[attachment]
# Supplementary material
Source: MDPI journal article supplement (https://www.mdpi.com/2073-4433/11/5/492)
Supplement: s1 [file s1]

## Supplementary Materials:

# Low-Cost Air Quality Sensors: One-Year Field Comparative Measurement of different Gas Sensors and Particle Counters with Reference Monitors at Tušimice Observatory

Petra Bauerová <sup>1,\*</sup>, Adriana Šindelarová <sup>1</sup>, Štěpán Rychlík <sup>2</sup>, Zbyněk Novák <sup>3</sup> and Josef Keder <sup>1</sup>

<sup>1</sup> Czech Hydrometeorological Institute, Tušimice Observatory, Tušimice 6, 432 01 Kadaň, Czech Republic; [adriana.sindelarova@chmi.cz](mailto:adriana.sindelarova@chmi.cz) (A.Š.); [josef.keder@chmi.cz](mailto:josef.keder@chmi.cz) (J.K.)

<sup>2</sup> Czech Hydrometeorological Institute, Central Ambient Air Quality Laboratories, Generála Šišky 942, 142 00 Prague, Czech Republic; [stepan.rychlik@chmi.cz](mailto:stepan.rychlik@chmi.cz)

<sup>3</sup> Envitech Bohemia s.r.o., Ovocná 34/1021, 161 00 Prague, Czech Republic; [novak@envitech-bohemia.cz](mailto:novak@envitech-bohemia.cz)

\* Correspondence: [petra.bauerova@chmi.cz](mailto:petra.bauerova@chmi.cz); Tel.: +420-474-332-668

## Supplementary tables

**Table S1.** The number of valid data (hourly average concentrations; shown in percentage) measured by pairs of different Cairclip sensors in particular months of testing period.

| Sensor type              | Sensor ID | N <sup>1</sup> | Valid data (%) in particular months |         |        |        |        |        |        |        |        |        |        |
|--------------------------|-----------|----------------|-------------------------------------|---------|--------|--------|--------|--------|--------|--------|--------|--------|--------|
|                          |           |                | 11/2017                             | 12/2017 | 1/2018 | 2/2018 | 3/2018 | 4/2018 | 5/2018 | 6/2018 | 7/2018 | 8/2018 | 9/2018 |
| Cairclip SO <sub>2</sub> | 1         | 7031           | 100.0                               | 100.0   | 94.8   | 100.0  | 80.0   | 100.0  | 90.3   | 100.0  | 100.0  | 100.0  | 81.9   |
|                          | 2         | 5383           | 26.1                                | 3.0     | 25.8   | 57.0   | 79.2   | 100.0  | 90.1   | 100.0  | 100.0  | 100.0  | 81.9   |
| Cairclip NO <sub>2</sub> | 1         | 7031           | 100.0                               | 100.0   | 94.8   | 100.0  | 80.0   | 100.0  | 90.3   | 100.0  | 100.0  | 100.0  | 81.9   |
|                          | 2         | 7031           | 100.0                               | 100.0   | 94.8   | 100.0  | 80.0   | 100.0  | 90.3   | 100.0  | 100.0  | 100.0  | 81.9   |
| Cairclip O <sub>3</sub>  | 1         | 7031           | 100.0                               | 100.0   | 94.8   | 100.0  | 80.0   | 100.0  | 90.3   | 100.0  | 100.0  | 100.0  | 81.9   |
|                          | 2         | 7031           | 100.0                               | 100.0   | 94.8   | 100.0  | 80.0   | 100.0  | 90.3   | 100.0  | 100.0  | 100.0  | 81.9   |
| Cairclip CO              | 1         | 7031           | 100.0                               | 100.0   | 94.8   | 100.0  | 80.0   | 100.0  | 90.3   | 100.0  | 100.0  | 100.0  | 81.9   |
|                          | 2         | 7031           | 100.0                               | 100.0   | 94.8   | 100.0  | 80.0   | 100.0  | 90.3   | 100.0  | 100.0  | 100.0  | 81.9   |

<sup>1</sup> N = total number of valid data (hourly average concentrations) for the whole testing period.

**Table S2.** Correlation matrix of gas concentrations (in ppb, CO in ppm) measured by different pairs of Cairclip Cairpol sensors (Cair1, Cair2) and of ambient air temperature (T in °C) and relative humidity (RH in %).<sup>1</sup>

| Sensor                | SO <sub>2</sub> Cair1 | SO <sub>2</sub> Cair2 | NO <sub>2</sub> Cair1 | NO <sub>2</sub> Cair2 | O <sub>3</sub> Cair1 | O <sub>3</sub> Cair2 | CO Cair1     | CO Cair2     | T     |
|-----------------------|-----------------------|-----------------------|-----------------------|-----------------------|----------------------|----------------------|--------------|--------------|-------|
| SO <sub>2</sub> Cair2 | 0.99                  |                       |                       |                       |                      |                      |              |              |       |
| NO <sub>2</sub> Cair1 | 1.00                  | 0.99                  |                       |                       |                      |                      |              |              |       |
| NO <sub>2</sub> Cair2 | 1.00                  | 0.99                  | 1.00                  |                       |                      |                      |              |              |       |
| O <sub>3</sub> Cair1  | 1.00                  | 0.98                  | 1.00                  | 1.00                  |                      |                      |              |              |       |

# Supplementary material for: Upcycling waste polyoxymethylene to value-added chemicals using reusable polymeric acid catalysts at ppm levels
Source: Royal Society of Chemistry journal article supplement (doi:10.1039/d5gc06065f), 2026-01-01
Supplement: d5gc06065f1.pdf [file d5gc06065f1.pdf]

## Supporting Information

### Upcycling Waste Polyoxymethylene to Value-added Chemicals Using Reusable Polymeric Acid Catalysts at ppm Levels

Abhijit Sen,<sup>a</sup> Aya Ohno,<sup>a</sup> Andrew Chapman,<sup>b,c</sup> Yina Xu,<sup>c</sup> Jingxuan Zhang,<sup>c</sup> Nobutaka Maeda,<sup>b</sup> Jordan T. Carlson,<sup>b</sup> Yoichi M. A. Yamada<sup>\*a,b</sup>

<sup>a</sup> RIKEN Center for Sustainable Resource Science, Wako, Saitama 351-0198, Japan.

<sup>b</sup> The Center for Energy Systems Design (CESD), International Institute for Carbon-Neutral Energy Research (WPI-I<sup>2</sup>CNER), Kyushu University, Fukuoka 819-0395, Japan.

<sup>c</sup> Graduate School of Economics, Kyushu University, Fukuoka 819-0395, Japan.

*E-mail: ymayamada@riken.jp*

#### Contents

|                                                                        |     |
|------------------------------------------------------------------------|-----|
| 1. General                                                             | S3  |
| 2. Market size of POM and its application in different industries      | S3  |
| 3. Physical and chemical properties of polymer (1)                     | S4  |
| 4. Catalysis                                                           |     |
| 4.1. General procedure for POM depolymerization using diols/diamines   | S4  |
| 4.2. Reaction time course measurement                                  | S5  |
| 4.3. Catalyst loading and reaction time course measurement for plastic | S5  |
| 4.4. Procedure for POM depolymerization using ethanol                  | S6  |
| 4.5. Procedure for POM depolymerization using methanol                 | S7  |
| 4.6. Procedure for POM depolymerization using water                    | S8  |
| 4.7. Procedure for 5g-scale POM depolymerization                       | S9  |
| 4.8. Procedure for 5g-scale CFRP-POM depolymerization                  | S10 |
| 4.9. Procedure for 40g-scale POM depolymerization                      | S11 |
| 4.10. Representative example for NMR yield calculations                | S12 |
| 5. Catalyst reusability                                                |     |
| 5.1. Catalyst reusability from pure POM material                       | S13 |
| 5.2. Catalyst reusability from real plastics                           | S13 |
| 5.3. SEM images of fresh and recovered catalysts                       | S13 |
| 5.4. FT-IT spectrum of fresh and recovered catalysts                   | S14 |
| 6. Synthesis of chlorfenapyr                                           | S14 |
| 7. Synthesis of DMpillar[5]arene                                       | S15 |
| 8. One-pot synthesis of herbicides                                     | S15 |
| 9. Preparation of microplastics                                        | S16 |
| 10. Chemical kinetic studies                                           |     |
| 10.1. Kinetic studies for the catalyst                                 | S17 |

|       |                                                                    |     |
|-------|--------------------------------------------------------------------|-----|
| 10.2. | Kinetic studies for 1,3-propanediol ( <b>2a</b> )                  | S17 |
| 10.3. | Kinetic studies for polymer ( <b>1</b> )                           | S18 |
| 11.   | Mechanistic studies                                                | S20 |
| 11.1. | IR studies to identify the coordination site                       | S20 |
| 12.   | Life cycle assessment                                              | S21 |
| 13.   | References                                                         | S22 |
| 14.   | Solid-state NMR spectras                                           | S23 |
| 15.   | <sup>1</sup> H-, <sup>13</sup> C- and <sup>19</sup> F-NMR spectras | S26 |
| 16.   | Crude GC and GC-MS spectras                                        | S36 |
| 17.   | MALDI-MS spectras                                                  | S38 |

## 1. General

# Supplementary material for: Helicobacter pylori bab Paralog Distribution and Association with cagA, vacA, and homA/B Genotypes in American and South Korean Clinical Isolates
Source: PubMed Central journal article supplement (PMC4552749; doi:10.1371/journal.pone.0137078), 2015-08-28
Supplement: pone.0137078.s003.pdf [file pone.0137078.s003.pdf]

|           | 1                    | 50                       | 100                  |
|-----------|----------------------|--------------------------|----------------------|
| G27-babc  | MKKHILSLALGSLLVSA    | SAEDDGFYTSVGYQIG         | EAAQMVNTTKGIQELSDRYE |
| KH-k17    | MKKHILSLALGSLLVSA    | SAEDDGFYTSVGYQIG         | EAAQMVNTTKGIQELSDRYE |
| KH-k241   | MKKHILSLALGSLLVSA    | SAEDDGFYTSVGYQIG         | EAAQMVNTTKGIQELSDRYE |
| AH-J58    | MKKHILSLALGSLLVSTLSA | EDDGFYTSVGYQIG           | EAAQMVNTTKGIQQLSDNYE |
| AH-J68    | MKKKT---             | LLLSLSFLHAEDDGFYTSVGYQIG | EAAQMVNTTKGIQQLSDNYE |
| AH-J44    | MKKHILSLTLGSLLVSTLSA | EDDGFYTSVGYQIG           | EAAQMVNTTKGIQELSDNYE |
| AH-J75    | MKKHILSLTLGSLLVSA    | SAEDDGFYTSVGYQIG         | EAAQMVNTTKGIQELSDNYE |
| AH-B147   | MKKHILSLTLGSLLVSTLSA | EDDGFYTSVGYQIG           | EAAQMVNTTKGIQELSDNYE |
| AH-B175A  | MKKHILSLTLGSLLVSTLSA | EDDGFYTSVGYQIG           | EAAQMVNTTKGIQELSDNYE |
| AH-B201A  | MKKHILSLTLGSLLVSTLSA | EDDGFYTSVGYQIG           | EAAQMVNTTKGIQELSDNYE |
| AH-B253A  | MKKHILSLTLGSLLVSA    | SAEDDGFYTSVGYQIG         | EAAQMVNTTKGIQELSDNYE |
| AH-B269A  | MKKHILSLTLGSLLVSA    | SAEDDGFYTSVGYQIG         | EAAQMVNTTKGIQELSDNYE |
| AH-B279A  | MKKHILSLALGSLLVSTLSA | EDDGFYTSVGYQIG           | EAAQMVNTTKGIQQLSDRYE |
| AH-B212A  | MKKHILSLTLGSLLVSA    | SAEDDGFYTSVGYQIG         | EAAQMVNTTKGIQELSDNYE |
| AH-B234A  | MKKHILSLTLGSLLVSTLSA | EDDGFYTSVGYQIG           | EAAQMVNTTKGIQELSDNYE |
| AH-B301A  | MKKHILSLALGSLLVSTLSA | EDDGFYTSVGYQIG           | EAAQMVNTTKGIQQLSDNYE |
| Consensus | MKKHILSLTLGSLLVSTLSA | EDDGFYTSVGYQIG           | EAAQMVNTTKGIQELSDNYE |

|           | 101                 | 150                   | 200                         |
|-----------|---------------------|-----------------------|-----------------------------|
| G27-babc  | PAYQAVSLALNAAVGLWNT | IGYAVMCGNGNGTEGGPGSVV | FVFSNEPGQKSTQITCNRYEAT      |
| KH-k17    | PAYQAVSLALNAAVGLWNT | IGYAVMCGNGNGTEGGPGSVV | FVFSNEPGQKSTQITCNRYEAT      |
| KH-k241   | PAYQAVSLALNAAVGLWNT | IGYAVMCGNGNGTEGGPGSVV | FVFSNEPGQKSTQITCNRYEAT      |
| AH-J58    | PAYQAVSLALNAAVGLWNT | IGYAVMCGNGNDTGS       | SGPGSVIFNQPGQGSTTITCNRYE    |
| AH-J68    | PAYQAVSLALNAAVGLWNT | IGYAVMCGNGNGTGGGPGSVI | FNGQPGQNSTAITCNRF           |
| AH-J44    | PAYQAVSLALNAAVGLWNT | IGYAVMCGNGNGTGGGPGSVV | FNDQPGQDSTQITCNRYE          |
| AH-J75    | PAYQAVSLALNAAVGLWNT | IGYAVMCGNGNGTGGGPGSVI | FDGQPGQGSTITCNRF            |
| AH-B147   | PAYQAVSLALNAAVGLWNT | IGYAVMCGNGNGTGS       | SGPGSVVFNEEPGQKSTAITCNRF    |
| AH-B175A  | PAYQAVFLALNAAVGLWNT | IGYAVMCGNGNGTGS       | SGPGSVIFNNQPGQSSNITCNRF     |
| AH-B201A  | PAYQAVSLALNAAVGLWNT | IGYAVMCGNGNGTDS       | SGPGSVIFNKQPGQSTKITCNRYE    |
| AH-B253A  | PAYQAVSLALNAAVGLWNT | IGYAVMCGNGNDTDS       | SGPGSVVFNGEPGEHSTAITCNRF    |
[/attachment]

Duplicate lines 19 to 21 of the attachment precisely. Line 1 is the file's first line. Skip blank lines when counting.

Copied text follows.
|                          | 2         | 7031           | 100.0                               | 100.0   | 94.8   | 100.0  | 80.0   | 100.0  | 90.3   | 100.0  | 100.0  | 100.0  | 81.9   |
| Cairclip O <sub>3</sub>  | 1         | 7031           | 100.0                               | 100.0   | 94.8   | 100.0  | 80.0   | 100.0  | 90.3   | 100.0  | 100.0  | 100.0  | 81.9   |
|                          | 2         | 7031           | 100.0                               | 100.0   | 94.8   | 100.0  | 80.0   | 100.0  | 90.3   | 100.0  | 100.0  | 100.0  | 81.9   |